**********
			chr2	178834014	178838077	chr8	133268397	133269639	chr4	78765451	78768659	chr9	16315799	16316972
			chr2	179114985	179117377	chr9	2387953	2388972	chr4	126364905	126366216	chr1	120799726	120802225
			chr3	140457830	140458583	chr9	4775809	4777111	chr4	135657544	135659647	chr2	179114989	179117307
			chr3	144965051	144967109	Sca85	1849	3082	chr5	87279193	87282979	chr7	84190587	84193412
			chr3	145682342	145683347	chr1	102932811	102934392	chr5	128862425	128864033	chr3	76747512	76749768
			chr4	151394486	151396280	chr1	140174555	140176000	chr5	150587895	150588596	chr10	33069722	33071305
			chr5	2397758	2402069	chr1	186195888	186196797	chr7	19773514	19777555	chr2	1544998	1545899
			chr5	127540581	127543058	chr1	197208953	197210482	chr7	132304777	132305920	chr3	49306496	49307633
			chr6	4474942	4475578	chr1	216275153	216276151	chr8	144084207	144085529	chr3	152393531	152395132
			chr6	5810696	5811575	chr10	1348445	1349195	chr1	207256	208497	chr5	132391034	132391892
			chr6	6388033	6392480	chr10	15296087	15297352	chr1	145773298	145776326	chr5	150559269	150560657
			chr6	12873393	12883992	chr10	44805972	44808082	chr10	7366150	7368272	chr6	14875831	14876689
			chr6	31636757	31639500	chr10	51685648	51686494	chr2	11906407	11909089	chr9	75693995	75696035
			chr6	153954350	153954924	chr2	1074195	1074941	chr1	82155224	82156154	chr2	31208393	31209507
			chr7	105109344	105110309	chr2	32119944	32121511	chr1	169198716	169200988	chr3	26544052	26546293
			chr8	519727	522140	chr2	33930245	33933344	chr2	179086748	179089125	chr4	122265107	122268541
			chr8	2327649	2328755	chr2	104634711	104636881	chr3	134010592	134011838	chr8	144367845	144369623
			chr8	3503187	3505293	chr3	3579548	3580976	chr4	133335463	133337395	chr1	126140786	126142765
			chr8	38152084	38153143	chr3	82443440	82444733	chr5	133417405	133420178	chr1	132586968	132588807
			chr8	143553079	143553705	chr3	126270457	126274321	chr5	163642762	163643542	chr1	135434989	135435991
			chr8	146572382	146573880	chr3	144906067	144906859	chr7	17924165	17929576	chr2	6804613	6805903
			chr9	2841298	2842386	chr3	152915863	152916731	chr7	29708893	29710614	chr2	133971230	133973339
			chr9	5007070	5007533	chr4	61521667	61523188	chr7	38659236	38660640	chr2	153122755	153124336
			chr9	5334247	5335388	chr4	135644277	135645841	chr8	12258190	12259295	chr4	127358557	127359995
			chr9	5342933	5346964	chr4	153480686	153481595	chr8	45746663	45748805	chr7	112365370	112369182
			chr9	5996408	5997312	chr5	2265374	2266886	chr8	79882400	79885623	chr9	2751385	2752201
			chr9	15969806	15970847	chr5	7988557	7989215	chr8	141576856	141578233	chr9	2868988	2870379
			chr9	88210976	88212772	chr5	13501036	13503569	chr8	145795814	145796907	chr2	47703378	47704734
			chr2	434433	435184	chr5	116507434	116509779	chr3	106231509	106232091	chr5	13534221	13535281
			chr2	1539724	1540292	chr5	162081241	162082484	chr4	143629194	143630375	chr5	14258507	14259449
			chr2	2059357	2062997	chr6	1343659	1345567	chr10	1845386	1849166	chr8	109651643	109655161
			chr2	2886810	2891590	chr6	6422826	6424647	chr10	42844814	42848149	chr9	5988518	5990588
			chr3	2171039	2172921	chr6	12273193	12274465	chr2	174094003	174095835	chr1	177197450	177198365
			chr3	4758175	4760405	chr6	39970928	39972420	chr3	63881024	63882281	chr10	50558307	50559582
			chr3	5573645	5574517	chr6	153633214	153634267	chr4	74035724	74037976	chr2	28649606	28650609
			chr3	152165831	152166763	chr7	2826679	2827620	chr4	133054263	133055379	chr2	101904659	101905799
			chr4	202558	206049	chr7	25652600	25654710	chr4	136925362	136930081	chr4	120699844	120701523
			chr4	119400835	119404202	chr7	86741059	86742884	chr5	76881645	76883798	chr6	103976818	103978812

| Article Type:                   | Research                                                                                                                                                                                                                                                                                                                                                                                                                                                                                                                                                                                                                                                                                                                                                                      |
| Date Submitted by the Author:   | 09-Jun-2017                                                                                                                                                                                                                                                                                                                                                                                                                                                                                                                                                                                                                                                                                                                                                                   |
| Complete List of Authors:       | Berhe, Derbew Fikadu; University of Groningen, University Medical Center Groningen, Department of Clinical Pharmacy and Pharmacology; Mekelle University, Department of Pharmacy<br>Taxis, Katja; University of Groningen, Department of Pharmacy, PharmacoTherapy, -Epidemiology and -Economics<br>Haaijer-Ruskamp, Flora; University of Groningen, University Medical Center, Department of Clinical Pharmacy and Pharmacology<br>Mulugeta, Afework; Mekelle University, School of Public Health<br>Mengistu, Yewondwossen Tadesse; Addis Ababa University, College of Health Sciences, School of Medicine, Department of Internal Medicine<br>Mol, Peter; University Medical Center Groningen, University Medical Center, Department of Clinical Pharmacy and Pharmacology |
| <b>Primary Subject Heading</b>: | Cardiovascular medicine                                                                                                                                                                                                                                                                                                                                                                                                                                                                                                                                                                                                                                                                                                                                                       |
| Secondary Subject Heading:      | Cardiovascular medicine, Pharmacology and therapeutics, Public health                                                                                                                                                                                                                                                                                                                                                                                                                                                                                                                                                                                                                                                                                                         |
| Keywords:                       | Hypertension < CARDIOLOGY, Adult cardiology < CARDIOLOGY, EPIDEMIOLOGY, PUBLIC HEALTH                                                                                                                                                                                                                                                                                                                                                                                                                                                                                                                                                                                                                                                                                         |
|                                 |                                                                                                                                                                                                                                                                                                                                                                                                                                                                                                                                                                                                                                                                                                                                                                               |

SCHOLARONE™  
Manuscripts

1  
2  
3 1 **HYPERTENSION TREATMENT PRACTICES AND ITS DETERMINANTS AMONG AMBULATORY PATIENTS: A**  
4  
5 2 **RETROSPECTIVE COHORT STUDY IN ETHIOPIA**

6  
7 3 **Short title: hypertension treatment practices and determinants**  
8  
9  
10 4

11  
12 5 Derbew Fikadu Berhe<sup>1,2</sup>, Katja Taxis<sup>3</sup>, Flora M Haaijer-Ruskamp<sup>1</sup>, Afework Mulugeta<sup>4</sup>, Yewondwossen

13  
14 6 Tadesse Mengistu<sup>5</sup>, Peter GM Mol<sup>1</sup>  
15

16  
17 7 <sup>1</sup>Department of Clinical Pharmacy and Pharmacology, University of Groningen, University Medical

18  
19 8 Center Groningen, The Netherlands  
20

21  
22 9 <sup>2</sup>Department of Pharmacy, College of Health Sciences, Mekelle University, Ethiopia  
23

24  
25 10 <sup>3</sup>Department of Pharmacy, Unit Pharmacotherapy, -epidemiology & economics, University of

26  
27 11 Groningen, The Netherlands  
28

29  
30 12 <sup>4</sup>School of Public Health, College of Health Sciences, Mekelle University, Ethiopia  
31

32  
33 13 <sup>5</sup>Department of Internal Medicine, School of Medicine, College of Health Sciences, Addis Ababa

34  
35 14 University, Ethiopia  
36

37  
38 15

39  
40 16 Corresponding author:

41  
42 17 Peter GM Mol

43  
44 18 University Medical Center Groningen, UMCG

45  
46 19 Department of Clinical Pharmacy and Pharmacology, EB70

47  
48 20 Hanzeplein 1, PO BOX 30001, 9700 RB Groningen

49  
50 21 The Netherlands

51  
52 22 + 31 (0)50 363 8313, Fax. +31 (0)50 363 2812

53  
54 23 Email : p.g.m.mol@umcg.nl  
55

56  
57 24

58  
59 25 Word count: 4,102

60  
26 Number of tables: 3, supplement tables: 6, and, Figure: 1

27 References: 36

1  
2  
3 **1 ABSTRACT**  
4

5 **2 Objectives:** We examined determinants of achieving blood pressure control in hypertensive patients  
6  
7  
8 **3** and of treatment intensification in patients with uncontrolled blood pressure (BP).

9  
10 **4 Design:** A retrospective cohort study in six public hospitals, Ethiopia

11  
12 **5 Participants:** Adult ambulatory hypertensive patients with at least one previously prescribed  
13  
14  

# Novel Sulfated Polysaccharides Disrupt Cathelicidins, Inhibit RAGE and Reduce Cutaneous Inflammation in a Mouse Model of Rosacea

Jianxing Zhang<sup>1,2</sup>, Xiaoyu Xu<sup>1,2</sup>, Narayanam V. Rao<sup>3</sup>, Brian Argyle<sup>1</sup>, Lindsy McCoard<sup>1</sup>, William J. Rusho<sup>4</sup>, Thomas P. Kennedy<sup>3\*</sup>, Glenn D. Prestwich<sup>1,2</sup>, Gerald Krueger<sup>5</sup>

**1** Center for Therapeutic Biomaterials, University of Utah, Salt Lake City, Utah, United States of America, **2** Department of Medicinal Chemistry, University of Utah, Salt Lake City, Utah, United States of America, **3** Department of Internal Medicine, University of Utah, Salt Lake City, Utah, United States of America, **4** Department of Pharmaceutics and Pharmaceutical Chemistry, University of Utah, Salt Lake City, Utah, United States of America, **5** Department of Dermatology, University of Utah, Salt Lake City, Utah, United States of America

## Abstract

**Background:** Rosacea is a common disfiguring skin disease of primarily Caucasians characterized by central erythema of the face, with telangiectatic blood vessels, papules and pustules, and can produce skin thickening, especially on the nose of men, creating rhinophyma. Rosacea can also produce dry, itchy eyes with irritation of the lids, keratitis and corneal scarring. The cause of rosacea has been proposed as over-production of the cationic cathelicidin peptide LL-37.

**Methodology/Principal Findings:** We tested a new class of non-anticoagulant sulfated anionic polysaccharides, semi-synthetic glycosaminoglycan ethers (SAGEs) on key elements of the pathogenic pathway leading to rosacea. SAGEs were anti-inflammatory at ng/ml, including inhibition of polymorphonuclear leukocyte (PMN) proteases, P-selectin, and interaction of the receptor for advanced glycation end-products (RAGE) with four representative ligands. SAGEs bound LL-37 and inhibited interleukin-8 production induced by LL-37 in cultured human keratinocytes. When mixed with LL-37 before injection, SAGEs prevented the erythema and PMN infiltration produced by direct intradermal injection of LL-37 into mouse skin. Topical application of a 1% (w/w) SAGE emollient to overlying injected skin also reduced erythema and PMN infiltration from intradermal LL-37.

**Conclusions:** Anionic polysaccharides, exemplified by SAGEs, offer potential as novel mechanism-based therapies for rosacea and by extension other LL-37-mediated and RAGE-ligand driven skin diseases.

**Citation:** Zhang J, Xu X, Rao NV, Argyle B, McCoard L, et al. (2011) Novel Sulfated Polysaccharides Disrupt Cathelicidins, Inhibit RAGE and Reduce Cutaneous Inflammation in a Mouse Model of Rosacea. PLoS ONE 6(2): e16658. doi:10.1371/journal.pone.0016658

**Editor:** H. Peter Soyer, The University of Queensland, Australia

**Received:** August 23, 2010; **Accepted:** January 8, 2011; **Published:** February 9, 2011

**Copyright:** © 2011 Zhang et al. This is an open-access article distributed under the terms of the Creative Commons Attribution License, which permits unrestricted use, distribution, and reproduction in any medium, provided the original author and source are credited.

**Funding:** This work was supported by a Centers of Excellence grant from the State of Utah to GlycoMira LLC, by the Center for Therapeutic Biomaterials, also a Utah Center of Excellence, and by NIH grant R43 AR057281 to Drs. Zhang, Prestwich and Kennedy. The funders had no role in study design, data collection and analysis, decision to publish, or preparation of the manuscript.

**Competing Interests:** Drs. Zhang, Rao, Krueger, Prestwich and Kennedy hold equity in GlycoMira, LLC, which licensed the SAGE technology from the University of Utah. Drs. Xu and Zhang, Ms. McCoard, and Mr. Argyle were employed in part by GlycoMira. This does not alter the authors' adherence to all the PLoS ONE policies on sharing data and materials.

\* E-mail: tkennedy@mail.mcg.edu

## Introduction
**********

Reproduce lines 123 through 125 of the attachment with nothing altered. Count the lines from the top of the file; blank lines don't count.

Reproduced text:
14  

# Novel Sulfated Polysaccharides Disrupt Cathelicidins, Inhibit RAGE and Reduce Cutaneous Inflammation in a Mouse Model of Rosacea

Jianxing Zhang<sup>1,2</sup>, Xiaoyu Xu<sup>1,2</sup>, Narayanam V. Rao<sup>3</sup>, Brian Argyle<sup>1</sup>, Lindsy McCoard<sup>1</sup>, William J. Rusho<sup>4</sup>, Thomas P. Kennedy<sup>3\*</sup>, Glenn D. Prestwich<sup>1,2</sup>, Gerald Krueger<sup>5</sup>